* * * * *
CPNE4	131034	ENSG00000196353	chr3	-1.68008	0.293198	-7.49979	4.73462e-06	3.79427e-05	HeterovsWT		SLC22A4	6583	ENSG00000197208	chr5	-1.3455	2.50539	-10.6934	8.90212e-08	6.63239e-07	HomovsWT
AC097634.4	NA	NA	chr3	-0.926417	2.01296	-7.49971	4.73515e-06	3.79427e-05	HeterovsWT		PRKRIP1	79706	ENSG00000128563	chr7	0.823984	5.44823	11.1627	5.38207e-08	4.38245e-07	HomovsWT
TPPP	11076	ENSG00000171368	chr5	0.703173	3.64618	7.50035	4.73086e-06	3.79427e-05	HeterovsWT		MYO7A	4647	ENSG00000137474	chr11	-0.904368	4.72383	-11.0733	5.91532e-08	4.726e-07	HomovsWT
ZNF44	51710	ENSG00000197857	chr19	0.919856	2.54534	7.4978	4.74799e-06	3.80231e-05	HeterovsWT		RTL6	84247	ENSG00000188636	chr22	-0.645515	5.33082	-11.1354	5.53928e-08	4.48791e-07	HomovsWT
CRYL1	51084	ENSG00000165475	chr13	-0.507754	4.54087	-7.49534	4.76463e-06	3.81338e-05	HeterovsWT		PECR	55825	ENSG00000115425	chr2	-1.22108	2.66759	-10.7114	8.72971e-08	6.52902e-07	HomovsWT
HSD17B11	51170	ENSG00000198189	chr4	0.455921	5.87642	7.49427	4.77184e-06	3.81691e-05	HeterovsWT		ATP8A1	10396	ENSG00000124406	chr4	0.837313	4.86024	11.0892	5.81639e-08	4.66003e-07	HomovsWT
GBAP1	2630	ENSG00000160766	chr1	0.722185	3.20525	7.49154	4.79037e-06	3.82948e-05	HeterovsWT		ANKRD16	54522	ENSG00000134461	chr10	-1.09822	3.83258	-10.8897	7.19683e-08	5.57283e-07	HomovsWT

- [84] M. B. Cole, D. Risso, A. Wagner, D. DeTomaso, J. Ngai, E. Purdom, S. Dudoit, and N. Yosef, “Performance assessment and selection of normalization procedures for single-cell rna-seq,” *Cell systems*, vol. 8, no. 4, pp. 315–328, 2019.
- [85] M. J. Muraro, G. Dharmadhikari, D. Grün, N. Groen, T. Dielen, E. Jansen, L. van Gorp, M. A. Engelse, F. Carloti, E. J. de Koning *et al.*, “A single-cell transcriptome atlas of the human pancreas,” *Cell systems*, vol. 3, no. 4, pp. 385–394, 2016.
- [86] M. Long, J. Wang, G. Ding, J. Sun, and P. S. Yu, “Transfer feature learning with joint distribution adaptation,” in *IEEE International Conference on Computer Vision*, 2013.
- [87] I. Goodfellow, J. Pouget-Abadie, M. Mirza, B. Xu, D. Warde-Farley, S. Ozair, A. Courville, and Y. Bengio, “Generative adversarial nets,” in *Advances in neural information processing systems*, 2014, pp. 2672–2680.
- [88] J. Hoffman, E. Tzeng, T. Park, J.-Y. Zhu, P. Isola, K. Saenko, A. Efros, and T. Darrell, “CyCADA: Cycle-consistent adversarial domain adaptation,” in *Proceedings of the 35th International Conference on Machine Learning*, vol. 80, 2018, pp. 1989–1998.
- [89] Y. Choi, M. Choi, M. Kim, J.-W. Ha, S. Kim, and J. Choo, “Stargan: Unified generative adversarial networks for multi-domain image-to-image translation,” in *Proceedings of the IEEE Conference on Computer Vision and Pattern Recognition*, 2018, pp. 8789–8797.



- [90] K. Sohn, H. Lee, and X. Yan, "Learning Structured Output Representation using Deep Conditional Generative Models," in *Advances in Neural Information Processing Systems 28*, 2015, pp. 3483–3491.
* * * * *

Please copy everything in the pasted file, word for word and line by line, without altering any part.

CPNE4	131034	ENSG00000196353	chr3	-1.68008	0.293198	-7.49979	4.73462e-06	3.79427e-05	HeterovsWT		SLC22A4	6583	ENSG00000197208	chr5	-1.3455	2.50539	-10.6934	8.90212e-08	6.63239e-07	HomovsWT
AC097634.4	NA	NA	chr3	-0.926417	2.01296	-7.49971	4.73515e-06	3.79427e-05	HeterovsWT		PRKRIP1	79706	ENSG00000128563	chr7	0.823984	5.44823	11.1627	5.38207e-08	4.38245e-07	HomovsWT
TPPP	11076	ENSG00000171368	chr5	0.703173	3.64618	7.50035	4.73086e-06	3.79427e-05	HeterovsWT		MYO7A	4647	ENSG00000137474	chr11	-0.904368	4.72383	-11.0733	5.91532e-08	4.726e-07	HomovsWT
ZNF44	51710	ENSG00000197857	chr19	0.919856	2.54534	7.4978	4.74799e-06	3.80231e-05	HeterovsWT		RTL6	84247	ENSG00000188636	chr22	-0.645515	5.33082	-11.1354	5.53928e-08	4.48791e-07	HomovsWT
CRYL1	51084	ENSG00000165475	chr13	-0.507754	4.54087	-7.49534	4.76463e-06	3.81338e-05	HeterovsWT		PECR	55825	ENSG00000115425	chr2	-1.22108	2.66759	-10.7114	8.72971e-08	6.52902e-07	HomovsWT
HSD17B11	51170	ENSG00000198189	chr4	0.455921	5.87642	7.49427	4.77184e-06	3.81691e-05	HeterovsWT		ATP8A1	10396	ENSG00000124406	chr4	0.837313	4.86024	11.0892	5.81639e-08	4.66003e-07	HomovsWT
GBAP1	2630	ENSG00000160766	chr1	0.722185	3.20525	7.49154	4.79037e-06	3.82948e-05	HeterovsWT		ANKRD16	54522	ENSG00000134461	chr10	-1.09822	3.83258	-10.8897	7.19683e-08	5.57283e-07	HomovsWT

- [84] M. B. Cole, D. Risso, A. Wagner, D. DeTomaso, J. Ngai, E. Purdom, S. Dudoit, and N. Yosef, “Performance assessment and selection of normalization procedures for single-cell rna-seq,” *Cell systems*, vol. 8, no. 4, pp. 315–328, 2019.
- [85] M. J. Muraro, G. Dharmadhikari, D. Grün, N. Groen, T. Dielen, E. Jansen, L. van Gorp, M. A. Engelse, F. Carloti, E. J. de Koning *et al.*, “A single-cell transcriptome atlas of the human pancreas,” *Cell systems*, vol. 3, no. 4, pp. 385–394, 2016.
- [86] M. Long, J. Wang, G. Ding, J. Sun, and P. S. Yu, “Transfer feature learning with joint distribution adaptation,” in *IEEE International Conference on Computer Vision*, 2013.
- [87] I. Goodfellow, J. Pouget-Abadie, M. Mirza, B. Xu, D. Warde-Farley, S. Ozair, A. Courville, and Y. Bengio, “Generative adversarial nets,” in *Advances in neural information processing systems*, 2014, pp. 2672–2680.
- [88] J. Hoffman, E. Tzeng, T. Park, J.-Y. Zhu, P. Isola, K. Saenko, A. Efros, and T. Darrell, “CyCADA: Cycle-consistent adversarial domain adaptation,” in *Proceedings of the 35th International Conference on Machine Learning*, vol. 80, 2018, pp. 1989–1998.
- [89] Y. Choi, M. Choi, M. Kim, J.-W. Ha, S. Kim, and J. Choo, “Stargan: Unified generative adversarial networks for multi-domain image-to-image translation,” in *Proceedings of the IEEE Conference on Computer Vision and Pattern Recognition*, 2018, pp. 8789–8797.



- [90] K. Sohn, H. Lee, and X. Yan, "Learning Structured Output Representation using Deep Conditional Generative Models," in *Advances in Neural Information Processing Systems 28*, 2015, pp. 3483–3491.